______________________________________Temperature Separation Factor Normalized Flux°C. For Toluene/n-Octane (Kg.μM/M2 /D)______________________________________150 10 250170 8.5 540190 6.5 960______________________________________
0.40 g of elemental sulfur and 120 g of dimethylacetamide were put into a jar containing a magnetic bar. Heat was applied to help dissolution. When all sulfur was dissolved, 40 g of the polyethersulfone, commercially produced by ICI under the name of Victrex 5200, was added. When everything was dissolved, four membranes were cast, using a casting knife with a 10-mil opening. One of the membranes was put into a 120° C. oven swept with nitrogen for 2 hours, then the temperature was brought to 300° C. and air replaced nitrogen. After a total of 24 hours at 300° C. the membrane was insoluble in dimethylacetamide. In a pervaporation experiment using the feed described above, the membrane showed a toluene/n-octane selectivity of about 11 and a normalized flux of about 100 Kg.μM/M2 /D at 210° C.
0.04 g of elemental sulfur was dissolved in 20 g of CH2 Cl2, then 4 g of Bisphenol-A polysulfone was added. When everything was dissolved, membranes were cast on glass plates.
One of the membranes was heated at 300° C. for 12 hours, after which it was insoluble in CH2 Cl2.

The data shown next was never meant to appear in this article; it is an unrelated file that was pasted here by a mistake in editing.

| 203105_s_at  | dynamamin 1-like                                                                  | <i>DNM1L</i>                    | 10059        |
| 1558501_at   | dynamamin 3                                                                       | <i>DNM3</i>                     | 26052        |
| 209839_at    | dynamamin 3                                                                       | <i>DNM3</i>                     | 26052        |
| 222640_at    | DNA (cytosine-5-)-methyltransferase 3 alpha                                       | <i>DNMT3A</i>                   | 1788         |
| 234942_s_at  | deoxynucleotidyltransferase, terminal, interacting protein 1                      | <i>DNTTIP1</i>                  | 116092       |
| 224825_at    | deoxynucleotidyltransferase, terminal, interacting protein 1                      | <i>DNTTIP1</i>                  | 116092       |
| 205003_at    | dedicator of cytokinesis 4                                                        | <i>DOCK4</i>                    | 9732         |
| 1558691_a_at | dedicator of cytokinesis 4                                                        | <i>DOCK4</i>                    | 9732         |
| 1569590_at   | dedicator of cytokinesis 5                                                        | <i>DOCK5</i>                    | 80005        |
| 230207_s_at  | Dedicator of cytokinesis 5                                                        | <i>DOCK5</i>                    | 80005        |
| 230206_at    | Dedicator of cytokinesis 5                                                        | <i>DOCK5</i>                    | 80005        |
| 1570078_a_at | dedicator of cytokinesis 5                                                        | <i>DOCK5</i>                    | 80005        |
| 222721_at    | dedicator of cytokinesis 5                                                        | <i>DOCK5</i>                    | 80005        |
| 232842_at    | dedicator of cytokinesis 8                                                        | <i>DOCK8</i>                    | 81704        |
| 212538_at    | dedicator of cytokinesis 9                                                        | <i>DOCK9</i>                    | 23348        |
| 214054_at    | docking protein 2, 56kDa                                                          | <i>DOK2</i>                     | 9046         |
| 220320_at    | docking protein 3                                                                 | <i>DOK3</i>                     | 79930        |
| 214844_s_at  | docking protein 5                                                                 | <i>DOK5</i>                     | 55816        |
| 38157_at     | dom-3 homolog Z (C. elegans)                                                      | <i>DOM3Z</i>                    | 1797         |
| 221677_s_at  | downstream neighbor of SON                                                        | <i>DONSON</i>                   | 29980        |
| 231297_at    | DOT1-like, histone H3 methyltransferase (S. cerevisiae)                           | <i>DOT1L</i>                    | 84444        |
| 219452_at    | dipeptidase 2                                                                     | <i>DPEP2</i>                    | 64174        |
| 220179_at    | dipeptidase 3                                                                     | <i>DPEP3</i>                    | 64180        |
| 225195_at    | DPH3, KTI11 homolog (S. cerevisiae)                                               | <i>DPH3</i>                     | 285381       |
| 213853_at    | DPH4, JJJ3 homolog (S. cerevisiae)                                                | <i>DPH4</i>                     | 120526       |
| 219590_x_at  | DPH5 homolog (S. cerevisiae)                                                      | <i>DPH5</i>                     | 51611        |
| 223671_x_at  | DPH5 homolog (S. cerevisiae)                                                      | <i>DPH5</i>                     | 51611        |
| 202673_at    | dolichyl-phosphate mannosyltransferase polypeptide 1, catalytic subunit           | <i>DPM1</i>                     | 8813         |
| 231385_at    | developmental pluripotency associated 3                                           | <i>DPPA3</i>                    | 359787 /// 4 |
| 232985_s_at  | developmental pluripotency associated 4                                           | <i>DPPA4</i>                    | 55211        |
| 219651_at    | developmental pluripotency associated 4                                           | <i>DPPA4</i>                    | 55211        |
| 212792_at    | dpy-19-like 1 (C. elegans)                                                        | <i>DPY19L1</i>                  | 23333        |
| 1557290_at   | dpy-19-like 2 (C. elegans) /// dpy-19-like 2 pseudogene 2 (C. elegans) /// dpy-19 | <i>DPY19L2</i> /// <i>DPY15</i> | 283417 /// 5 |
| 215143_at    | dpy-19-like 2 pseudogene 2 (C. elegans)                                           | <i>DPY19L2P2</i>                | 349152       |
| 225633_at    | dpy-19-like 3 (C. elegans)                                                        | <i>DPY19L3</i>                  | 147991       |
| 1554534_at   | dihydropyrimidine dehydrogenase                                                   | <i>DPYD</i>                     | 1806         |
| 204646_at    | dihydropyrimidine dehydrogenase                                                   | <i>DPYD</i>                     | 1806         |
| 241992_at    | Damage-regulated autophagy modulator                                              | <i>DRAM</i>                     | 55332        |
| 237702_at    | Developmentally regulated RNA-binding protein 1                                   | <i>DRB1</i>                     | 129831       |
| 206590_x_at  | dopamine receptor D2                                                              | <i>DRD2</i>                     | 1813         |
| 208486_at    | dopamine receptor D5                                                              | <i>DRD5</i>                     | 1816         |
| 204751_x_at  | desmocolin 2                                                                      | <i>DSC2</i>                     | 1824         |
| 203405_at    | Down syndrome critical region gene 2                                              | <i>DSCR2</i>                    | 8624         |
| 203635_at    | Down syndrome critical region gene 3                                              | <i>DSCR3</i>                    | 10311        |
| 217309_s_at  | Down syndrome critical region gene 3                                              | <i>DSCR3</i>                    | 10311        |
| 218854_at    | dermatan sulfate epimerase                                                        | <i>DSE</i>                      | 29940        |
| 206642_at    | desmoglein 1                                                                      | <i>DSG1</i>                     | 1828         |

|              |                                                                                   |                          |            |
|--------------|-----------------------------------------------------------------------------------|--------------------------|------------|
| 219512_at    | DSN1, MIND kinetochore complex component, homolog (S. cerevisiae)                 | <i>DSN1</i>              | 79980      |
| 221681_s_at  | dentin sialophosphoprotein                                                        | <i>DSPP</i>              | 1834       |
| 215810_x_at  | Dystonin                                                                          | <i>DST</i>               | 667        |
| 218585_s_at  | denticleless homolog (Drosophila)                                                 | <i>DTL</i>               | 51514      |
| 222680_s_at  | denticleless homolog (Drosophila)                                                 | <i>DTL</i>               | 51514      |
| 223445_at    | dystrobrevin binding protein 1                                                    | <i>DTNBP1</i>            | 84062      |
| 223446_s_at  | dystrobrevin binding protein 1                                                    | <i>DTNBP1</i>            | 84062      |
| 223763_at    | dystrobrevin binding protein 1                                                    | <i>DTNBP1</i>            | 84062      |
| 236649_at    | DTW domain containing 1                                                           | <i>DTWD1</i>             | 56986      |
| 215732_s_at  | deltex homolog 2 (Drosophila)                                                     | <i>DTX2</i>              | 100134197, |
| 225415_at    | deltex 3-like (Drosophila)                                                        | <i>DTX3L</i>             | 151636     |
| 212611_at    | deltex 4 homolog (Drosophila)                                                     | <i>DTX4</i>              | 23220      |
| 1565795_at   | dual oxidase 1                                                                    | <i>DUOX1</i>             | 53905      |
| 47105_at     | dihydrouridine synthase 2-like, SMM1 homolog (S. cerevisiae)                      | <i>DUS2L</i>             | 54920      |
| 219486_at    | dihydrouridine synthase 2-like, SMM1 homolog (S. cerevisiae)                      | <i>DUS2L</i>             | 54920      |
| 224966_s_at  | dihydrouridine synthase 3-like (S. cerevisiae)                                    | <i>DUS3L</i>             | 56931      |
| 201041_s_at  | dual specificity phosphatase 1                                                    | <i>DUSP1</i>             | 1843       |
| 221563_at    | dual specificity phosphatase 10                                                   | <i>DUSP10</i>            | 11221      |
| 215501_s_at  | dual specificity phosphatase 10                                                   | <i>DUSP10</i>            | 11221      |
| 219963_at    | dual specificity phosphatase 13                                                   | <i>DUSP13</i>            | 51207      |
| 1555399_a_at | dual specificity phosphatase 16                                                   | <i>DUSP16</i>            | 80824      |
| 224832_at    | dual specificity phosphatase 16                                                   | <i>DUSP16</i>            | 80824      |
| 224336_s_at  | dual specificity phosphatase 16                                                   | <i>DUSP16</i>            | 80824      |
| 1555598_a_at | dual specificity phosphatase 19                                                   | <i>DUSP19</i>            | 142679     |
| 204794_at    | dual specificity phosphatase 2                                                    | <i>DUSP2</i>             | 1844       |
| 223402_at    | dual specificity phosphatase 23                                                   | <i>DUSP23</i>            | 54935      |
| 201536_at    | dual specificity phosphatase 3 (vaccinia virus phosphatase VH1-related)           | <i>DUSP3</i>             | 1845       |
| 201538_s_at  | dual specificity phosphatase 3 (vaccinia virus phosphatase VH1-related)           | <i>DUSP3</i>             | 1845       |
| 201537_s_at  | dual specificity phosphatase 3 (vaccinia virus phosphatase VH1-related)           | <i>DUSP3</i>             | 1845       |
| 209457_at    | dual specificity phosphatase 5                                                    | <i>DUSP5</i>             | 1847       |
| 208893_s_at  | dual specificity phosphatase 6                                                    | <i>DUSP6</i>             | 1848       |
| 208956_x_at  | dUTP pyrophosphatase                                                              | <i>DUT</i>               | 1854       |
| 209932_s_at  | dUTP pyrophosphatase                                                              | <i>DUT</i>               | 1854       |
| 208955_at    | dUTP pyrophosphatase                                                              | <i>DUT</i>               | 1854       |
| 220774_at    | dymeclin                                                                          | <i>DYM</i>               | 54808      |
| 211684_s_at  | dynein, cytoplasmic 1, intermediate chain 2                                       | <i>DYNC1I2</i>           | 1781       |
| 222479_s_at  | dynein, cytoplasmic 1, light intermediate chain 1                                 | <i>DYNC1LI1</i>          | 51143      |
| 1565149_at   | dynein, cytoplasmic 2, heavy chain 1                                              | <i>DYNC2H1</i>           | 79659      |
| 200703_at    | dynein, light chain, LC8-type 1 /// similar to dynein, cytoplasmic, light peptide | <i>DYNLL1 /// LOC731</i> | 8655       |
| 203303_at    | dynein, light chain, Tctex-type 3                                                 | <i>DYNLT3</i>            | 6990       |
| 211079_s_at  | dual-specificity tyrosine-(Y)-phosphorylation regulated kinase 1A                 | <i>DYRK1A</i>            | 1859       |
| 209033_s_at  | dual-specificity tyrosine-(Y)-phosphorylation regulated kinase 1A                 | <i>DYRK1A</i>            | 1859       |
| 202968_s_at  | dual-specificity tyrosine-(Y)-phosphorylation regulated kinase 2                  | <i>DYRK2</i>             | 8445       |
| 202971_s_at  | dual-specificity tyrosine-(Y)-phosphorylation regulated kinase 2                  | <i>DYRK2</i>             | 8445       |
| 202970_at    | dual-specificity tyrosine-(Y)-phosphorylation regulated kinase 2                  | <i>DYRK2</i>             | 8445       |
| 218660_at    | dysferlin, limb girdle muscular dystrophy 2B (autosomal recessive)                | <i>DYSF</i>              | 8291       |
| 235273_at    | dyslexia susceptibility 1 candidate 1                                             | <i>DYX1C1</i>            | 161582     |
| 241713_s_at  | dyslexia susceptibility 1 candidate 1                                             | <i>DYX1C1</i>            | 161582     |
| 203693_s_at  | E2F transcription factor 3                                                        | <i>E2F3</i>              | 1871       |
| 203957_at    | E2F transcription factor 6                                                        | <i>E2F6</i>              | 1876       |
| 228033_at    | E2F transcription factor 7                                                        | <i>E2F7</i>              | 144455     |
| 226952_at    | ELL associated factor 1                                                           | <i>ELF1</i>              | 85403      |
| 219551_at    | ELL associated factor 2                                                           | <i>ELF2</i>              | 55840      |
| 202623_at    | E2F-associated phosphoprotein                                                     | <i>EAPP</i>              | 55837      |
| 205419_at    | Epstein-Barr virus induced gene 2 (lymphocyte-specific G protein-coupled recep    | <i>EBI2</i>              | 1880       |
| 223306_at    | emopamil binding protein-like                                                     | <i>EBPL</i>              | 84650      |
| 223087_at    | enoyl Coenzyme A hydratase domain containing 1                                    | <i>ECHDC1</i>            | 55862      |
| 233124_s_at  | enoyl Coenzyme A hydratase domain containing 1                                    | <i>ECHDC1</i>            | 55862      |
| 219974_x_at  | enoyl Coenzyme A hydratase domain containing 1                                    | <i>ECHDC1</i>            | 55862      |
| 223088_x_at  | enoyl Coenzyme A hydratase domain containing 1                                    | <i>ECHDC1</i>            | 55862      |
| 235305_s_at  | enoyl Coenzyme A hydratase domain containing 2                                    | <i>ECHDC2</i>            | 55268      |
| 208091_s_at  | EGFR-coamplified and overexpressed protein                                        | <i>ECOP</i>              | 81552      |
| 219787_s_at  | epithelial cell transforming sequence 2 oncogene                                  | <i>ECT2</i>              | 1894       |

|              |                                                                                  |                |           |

The membrane was tested in a slightly different way from that described above. The feed was a mixture of 50 wt % toluene and 50 wt % n-octane. The permeate was analyzed by mass spectroscopy. The following table gives the results.
______________________________________Temperature Separation Factor Normalized Flux°C. For Toluene/n-Octane (Kg.μM/M2 /D)______________________________________150 9.3 283175 6.5 624200 4.6 1170______________________________________
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|US6896796||Feb 16, 2001||May 24, 2005||W. R. Grace & Co.-Conn.||Membrane separation for sulfur reduction|
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|US20030173255 *||Mar 6, 2003||Sep 18, 2003||White Lloyd Steven||Membrane separation for sulfur reduction|
|US20040211705 *||May 14, 2004||Oct 28, 2004||White Lloyd Steven||Membrane separation for sulfur reduction|
|US20040211706 *||May 14, 2004||Oct 28, 2004||White Lloyd Steven||Membrane separation for sulfur reduction|
|US20060231459 *||Feb 14, 2006||Oct 19, 2006||Swan George A Iii||FCC process combining molecular separation with staged conversion|
|US20120305238 *||May 31, 2011||Dec 6, 2012||Baker Hughes Incorporated||High Temperature Crosslinked Polysulfones Used for Downhole Devices|
|U.S. Classification||585/819, 210/500.41, 210/654, 210/653, 210/651, 585/818|
|International Classification||C10G31/11, B01D71/68, C07C7/144, B01D61/36|
|Cooperative Classification||C07C7/144, C10G31/11, B01D61/362, B01D71/68|
|European Classification||B01D61/36B, C07C7/144, B01D71/68, C10G31/11|
|Apr 22, 1992||AS||Assignment|
Owner name: EXXON RESEARCH AND ENGINEERING COMPANY, A CORP. OF
Free format text: ASSIGNMENT OF ASSIGNORS INTEREST.;ASSIGNORS:SARTORI, GUIDO;HO, W. S. WINSTON;NOONE, ROBERT E.;REEL/FRAME:006085/0562
Effective date: 19910621
|Jun 4, 1996||REMI||Maintenance fee reminder mailed|
|Oct 27, 1996||LAPS||Lapse for failure to pay maintenance fees|